Iran and Iraq signed an agreement on Sunday that would see strengthened military cooperation aimed at fighting “terrorism and extremism,” a deal that probably won’t please President Donald Trump.
Iranian state media reports that the memorandum of understanding (MoU) “includes expansion of cooperation and exchange of experiences on combating terrorism and extremism, security of borders, as well as educational, logistic, technical and military support.”
There hasn’t been much response to the MoU in the United States so far. But given what we know, it’s doubtful that the deal with be met with high-fives.
The Trump administration has ratcheted up tensions with Iran, recently accusing the the Islamic Republic of violating “the spirit” of the nuclear agreement. The two countries have also butt heads over the civil war in Yemen, with the United States siding with the Saudi-led coalition that first intervened in the country two years ago.
Last week, Trump agreed to re-certify the deal, confirming that Iran was complying with the terms of the 2015 multilateral agreement. Still, White House officials noted that he did so with great hesitation, and one official who spoke with the New York Times on the condition of anonymity said that the president spent 55 minutes of an hour-long meeting arguing with his advisors that he did not want to do so. Trump is also still pushing for a new set of sanctions against Iran, which the House is set to vote on this week. The Countering Iran’s Destabilizing Activities Act focuses on Iran’s ballistic missile program and was passed by the Senate in June.
And in its annual Country Reports on Terrorism, released last week, the State Department yet again called Iran “the leading state sponsor of terrorism.”
The State Department did not respond to a request for comment on what it means for Iraq, where U.S. troops have been fighting for over 14 years, to sign a military agreement with the country the United States sees a major global security threat.
Although Iran’s presence in Iraq has, at times, been viewed as as a material threat to U.S. forces, the Pentagon appears to be taking a wait-and-see approach to the MoU.
“It’s not immediately obvious to me that the contents of this MoU would have any bearing on U.S. troops. We’re always going to take appropriate measures to protect ourselves,” Pentagon spokesman Major Adrian Rankine-Galloway told ThinkProgress.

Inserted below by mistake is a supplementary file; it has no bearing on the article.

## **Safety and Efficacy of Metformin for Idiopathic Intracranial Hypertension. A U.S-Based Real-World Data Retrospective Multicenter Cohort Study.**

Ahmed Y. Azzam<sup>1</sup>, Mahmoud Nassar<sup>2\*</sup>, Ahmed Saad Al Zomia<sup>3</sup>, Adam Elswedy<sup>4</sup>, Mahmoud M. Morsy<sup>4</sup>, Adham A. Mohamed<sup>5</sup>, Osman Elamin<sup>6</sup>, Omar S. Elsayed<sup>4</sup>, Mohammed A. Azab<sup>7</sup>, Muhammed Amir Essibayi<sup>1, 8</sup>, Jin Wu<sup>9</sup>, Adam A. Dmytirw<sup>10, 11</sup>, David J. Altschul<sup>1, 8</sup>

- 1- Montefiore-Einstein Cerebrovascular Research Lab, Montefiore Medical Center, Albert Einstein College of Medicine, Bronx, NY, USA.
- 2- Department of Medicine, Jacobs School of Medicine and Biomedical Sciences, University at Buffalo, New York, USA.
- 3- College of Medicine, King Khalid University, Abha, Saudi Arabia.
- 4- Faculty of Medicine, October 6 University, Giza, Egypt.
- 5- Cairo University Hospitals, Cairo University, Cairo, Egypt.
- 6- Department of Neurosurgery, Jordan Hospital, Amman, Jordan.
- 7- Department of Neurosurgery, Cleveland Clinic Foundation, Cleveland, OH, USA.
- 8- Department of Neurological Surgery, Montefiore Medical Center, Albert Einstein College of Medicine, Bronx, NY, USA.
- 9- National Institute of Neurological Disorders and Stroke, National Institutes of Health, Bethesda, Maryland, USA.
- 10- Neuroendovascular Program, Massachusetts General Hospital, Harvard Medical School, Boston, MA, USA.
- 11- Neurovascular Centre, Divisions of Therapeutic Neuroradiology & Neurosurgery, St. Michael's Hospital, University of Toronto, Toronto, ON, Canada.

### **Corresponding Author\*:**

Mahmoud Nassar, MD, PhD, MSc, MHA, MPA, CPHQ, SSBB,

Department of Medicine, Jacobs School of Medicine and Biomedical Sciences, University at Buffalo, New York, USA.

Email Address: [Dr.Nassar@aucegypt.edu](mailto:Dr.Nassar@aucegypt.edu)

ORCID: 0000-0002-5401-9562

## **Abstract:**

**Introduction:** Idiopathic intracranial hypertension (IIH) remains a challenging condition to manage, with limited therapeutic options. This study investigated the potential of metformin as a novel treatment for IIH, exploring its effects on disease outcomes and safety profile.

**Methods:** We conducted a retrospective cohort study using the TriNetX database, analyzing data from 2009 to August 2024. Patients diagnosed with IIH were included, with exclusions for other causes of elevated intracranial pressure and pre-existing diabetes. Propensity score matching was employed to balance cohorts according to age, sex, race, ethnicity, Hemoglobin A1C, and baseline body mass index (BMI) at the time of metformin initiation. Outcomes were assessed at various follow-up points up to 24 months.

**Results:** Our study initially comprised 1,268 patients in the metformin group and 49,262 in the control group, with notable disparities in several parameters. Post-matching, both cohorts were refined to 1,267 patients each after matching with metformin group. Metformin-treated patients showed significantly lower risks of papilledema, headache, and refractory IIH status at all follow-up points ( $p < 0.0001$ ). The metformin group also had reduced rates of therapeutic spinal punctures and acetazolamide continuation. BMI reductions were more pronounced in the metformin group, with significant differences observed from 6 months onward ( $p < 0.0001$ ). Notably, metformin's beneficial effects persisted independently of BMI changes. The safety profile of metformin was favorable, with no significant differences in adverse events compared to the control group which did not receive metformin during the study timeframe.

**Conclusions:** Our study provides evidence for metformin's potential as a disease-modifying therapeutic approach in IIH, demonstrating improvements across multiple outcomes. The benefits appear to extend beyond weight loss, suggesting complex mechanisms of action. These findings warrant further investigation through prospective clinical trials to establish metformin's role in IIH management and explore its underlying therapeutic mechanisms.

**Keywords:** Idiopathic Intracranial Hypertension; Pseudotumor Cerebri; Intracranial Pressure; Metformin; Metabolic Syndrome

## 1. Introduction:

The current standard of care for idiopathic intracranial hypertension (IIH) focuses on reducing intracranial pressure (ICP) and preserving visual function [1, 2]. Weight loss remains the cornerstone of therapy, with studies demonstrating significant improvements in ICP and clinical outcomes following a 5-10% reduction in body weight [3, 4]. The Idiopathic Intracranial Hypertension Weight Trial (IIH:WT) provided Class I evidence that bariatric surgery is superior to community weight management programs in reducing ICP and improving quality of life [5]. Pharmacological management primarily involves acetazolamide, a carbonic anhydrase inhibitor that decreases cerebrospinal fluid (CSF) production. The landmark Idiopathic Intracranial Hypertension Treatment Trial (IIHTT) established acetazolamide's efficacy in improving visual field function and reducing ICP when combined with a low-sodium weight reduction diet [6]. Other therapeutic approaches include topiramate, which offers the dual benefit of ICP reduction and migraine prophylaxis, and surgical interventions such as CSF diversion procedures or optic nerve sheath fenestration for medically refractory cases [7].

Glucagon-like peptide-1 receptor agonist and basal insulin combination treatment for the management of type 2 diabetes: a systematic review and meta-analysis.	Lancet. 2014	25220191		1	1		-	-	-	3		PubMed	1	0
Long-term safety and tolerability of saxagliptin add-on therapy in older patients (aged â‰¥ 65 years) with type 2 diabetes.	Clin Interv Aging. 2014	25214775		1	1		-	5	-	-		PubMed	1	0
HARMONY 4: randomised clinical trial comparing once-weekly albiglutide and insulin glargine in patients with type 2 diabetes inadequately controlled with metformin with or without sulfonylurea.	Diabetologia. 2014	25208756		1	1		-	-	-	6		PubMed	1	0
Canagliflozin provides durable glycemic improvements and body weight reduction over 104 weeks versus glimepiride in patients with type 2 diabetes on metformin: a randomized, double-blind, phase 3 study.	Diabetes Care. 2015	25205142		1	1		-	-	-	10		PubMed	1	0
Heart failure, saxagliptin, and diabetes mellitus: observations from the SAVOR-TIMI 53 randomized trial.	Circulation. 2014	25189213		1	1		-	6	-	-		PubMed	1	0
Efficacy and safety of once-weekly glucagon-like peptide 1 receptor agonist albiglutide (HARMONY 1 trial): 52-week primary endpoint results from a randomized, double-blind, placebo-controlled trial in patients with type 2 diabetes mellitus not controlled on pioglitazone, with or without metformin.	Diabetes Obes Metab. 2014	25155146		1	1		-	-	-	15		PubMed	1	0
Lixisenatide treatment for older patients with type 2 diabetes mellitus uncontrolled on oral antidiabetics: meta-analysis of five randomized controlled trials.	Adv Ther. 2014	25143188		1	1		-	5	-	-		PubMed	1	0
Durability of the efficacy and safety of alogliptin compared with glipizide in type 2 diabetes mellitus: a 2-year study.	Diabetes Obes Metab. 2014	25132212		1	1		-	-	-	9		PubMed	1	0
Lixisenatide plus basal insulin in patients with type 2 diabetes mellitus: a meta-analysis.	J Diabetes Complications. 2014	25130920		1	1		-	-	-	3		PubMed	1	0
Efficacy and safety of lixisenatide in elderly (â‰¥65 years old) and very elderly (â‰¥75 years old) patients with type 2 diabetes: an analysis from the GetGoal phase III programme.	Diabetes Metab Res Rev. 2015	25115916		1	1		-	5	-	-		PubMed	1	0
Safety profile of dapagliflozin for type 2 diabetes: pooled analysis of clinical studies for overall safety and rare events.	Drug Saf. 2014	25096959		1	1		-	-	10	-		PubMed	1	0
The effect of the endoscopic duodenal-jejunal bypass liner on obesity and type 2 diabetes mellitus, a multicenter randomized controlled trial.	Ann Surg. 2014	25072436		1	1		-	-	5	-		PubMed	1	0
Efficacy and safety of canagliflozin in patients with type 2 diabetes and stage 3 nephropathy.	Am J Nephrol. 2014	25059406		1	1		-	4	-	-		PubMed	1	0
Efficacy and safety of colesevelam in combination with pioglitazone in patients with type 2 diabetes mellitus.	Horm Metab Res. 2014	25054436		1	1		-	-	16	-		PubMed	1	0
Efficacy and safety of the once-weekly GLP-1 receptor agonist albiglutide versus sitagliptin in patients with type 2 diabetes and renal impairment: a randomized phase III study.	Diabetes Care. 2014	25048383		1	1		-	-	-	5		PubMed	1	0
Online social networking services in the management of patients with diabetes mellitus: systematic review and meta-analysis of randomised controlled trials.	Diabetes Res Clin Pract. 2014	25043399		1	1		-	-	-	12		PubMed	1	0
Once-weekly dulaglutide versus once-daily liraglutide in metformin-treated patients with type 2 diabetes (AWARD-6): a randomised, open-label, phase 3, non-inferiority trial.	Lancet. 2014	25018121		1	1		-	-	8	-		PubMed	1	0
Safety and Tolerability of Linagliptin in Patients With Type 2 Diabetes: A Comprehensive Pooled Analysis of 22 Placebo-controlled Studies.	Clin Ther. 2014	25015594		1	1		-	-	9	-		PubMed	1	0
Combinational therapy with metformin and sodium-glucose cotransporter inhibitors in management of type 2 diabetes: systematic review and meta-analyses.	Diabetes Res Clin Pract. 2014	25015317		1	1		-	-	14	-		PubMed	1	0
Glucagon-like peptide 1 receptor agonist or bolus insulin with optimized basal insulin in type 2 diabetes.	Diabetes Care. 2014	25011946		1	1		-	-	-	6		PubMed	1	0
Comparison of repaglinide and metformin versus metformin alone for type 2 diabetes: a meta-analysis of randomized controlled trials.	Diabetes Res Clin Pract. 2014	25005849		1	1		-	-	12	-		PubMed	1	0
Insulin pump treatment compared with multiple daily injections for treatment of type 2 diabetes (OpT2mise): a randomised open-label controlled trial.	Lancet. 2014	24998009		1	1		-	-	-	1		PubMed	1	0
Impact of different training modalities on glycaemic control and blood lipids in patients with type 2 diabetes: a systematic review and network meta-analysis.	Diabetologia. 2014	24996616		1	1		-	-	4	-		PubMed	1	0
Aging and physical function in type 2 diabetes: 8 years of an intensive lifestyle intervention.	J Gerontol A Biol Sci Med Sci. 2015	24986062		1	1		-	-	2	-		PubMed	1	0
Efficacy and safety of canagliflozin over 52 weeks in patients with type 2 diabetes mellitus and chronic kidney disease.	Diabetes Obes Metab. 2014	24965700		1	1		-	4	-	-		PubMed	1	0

“We main close and recurring communications with the government of Iraq. We work only with the government of Iraq and the security forces under their command and control,” he said, adding that U.S. forces are there at “their invitation.”
As ThinkProgress reported last week, the role of the United States in the future of Iraq is unclear as Iranian-backed Shia forces and Kurdish Peshmerga fighters have increased their footprint in Iraq in the fight against the self-proclaimed Islamic State (ISIS).
The role of Iran and the Hashed al-Shaabi forces it supports, however, now seems more clear than ever. The 122,000-strong, predominately Shia fighters were poised to maintain their position even before Sunday’s agreement was signed.
Iraqi Prime Minister Hayder al-Abadi has supported Hashed al-Shaabi’s role in Iraq. Following the liberation of Mosul from ISIS, al-Abadi said last week that the militias “must remain at least for years, as the terrorism threat still exists.”
The Baghdad government has “excellent relations with Iran,” and when ISIS was about to roll into Baghdad, Iran’s support was crucial until the United States joined the fight, said Paul Salem, vice president for policy analysis, research and programs at the Middle East Institute
“The Americans are quite aware that Iran will try to push Baghdad to get the Americans to leave after the push to liberate Mosul is over,” said Salem.
The danger is that Iran could go back to fighting the United States via the Shia militia, as it did in the earlier years of the war.
So how does this MoU look, from the U.S. perspective?
“It looks like the U.S. made the wrong decision in 2003,” laughed Salem.
“The U.S. invasion of Iraq in 2003, bottom line, handed Iraq over to Iranian influence,” said Salem. “That’s a fact.” This MoU, he said, is just the continuation of an already strong relationship.
But, he said, that doesn’t mean that the Iraqis are Iranian lackeys — so, just because Iran wants U.S. forces out, it does not mean that Iraq will oblige.
Michael Knights, the Lafer fellow of The Washington Institute, specializing in the military and security affairs of Iraq, Iran, and the Persian Gulf states, offered a dissenting view. He sees the MoU as a PR game for Iran.
“The U.S. is by far the largest provider of military assistance to the Iraqi government… We have many months more of major combat operations and pretty significant Department of Defense budget for supporting the Iraqi security forces,” said Knights, adding that all of this means that the U.S. intends on maintaining significant presence in Iraq for at least the next three years.
Knights called the MoU as a “nothing burger” that exists as a face-saving tactic for Iran, perhaps a reminder of their relationship with Baghdad.
“They’re too smart to base their influence on military power. They’ve got a dozen other things other than supplying military power. That’s what we [the U.S.] do the best,” he told ThinkProgress.
“They’re not interested in competing with us on our strongest suit. They’re much more interested in places where we can’t go and we don’t matter,” — such as leadership of religious schools and institutions, said Knights.
“Plus they know how to outlast us. We care about Iraq now, but will we in five years?”